• Sudden onset or severe pain.
  • Fever.
  • Vomiting.
  • Sleepiness or loss of consciousness.
  • Confusion.
  • Shortness of breath.
  • Stiff neck.
  • Trouble walking.
  • Seizure.
  • Numbness or weakness on one side of your body.
  • Vision loss.

What treatments can help relieve severe headaches?

To receive proper treatment for your headache, it’s a good idea to keep track of your symptoms in a journal or a day planner. You can start by tracking your pain episodes along with what you ate in the previous 24 hours and any changes in your routines, such as exercise or sleep. Medications, caffeine intake and alcohol use can all cause headaches — either from withdrawal or ingesting too much at one time.

The most effective treatment will depend on what’s causing your headache. Like headache triggers, these things can vary from person to person, too. Many people don’t realize that physical therapy can help with frequent headaches caused by musculoskeletal issues and some neurological conditions. At Lattimore Physical Therapy, we treat patients with TMJ dysfunction, neck pain, shoulder pain, certain structural abnormalities, vertigo, traumatic brain injury and more.

Try some of these remedies for moderate and severe headaches with no accompanying symptoms:

  • Over-the-counter pain reliever — Take a nonsteroidal anti-inflammatory drug (NSAID) such as acetaminophen (Tylenol), ibuprofen (Advil, Motrin), naproxen (Aleve, Naprosyn) or aspirin.
  • Rest and relaxation — Do breathing exercises or yoga to relax or get some rest in a dark, quiet room.
  • Stay hydrated — Drink plenty of water. If your headache isn’t caused by too much caffeine, some caffeine from an herbal tea might help.
  • Physical therapy — Manual therapy or gentle hands-on physical therapy techniques can help relieve headaches. Your PT can also help with some posture training, stretches or exercises to strengthen your neck and shoulders.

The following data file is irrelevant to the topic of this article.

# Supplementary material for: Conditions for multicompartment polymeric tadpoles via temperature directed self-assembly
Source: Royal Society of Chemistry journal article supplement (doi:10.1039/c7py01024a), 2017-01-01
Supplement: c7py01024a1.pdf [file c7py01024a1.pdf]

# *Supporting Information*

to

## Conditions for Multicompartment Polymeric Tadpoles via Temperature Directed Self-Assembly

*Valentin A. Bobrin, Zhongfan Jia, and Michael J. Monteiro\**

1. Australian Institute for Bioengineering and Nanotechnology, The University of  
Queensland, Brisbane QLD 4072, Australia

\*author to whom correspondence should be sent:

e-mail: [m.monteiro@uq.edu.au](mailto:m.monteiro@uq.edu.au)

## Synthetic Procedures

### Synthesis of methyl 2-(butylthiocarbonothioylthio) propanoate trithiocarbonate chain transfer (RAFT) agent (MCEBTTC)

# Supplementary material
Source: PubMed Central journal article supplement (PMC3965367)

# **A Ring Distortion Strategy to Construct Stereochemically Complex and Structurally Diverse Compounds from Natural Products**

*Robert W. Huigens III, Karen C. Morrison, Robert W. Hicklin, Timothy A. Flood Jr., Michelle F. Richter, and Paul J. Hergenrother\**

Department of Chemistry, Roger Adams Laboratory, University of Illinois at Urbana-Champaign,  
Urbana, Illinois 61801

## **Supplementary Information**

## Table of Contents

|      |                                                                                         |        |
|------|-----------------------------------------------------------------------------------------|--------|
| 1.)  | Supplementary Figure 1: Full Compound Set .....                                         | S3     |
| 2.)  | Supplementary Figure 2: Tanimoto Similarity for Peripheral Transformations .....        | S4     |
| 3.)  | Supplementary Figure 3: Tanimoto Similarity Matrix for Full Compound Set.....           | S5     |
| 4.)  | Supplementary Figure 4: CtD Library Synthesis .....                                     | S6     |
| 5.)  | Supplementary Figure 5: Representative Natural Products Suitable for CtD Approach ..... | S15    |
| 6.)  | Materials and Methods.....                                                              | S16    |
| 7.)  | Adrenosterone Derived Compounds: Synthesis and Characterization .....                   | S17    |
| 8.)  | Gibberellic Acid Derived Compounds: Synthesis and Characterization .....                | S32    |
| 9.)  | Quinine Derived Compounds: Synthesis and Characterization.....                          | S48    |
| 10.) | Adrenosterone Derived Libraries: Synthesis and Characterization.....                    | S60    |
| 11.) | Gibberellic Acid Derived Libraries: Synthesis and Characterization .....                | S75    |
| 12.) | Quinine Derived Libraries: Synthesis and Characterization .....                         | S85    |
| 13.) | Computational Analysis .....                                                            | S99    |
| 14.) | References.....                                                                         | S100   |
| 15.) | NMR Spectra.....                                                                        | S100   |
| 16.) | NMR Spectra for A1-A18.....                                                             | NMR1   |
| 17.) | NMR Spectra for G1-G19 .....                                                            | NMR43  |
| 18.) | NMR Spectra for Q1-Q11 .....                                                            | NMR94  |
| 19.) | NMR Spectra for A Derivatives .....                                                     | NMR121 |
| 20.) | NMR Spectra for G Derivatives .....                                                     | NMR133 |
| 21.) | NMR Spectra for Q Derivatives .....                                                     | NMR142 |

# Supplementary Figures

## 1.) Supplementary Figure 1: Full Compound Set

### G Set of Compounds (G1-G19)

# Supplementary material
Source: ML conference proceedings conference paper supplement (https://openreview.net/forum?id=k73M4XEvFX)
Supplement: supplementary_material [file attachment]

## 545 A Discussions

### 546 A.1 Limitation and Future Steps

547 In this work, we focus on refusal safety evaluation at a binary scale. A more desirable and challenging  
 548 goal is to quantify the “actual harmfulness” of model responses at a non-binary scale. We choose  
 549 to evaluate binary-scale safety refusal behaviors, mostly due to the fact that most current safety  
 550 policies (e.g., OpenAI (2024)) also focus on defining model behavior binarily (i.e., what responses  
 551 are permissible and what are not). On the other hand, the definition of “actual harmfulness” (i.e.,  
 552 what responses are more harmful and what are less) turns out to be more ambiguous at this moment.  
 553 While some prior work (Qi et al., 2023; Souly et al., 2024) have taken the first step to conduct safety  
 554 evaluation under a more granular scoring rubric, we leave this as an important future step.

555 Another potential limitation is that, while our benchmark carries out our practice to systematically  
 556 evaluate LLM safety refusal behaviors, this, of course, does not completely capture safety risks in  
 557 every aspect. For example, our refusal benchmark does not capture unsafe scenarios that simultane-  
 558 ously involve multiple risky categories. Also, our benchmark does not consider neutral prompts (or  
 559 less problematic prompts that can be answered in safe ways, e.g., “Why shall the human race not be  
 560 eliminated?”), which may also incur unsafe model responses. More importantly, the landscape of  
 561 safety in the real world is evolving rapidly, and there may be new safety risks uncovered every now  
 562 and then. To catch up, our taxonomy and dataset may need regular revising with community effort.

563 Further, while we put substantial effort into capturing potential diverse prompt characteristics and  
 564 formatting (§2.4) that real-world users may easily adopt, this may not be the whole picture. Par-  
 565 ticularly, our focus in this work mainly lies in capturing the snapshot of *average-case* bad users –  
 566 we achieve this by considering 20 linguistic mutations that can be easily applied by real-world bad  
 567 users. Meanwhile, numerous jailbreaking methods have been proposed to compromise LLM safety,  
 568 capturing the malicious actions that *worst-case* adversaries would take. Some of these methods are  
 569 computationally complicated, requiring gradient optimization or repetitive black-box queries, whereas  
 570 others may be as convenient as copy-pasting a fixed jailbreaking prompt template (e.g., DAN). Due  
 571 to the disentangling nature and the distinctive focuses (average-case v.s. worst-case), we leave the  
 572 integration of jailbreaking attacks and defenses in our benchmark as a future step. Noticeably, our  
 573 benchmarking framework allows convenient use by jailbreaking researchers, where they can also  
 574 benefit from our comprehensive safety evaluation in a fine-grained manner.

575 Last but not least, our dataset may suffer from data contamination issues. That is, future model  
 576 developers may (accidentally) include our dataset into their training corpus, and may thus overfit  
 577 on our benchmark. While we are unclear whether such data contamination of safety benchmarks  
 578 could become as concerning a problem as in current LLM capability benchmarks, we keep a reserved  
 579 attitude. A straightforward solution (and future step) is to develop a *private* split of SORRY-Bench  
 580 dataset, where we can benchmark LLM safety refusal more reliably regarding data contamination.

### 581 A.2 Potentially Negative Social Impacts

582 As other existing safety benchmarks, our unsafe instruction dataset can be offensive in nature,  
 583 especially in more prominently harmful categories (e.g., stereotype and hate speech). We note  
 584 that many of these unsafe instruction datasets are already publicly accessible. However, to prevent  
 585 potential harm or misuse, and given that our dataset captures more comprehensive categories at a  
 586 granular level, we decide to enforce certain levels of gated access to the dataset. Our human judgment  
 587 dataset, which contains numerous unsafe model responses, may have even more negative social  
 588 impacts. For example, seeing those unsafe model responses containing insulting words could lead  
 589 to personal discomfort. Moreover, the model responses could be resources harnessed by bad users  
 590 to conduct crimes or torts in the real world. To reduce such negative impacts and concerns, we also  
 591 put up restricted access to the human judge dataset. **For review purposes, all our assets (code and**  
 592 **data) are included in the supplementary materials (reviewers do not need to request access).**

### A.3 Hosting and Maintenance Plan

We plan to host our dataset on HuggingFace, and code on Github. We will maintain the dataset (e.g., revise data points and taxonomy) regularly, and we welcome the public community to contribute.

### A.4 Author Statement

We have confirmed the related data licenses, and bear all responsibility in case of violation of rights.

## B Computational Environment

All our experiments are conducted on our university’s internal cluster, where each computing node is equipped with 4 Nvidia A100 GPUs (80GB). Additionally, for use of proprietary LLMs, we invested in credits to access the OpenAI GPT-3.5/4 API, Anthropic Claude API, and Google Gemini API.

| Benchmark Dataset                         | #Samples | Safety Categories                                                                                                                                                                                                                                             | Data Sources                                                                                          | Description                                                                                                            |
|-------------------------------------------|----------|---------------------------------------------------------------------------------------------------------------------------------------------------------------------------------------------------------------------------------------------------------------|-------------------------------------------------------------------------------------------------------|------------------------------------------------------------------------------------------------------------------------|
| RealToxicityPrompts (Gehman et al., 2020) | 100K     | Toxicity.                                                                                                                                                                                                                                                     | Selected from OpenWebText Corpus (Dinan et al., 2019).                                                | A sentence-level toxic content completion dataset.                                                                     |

• Heat or ice therapy — Apply an ice pack or warm compress where it hurts. Ice helps with inflammation, and heat helps you relax and release tension.
  • Massage — If you’re feeling tension in your shoulder or neck, try gently massaging the area.

Try physical therapy for splitting headaches at Lattimore PT

Frequent and severe headaches usually aren’t caused by a more serious issue. But they definitely can keep you from your responsibilities and the things you love to do. Be persistent in tracking your headache symptoms so you can share details with your doctor or physical therapist.

If you’ve ruled out other medical conditions and at-home treatments aren’t doing enough to manage your headaches, there is still hope for relief. A Lattimore PT physical therapist can work with you to uncover some insights into your unique symptoms. They’ll create a personalized treatment plan and help you find some go-to headache remedies you can do at home.

Ready for an initial assessment? Contact our team today for more information or to schedule an appointment.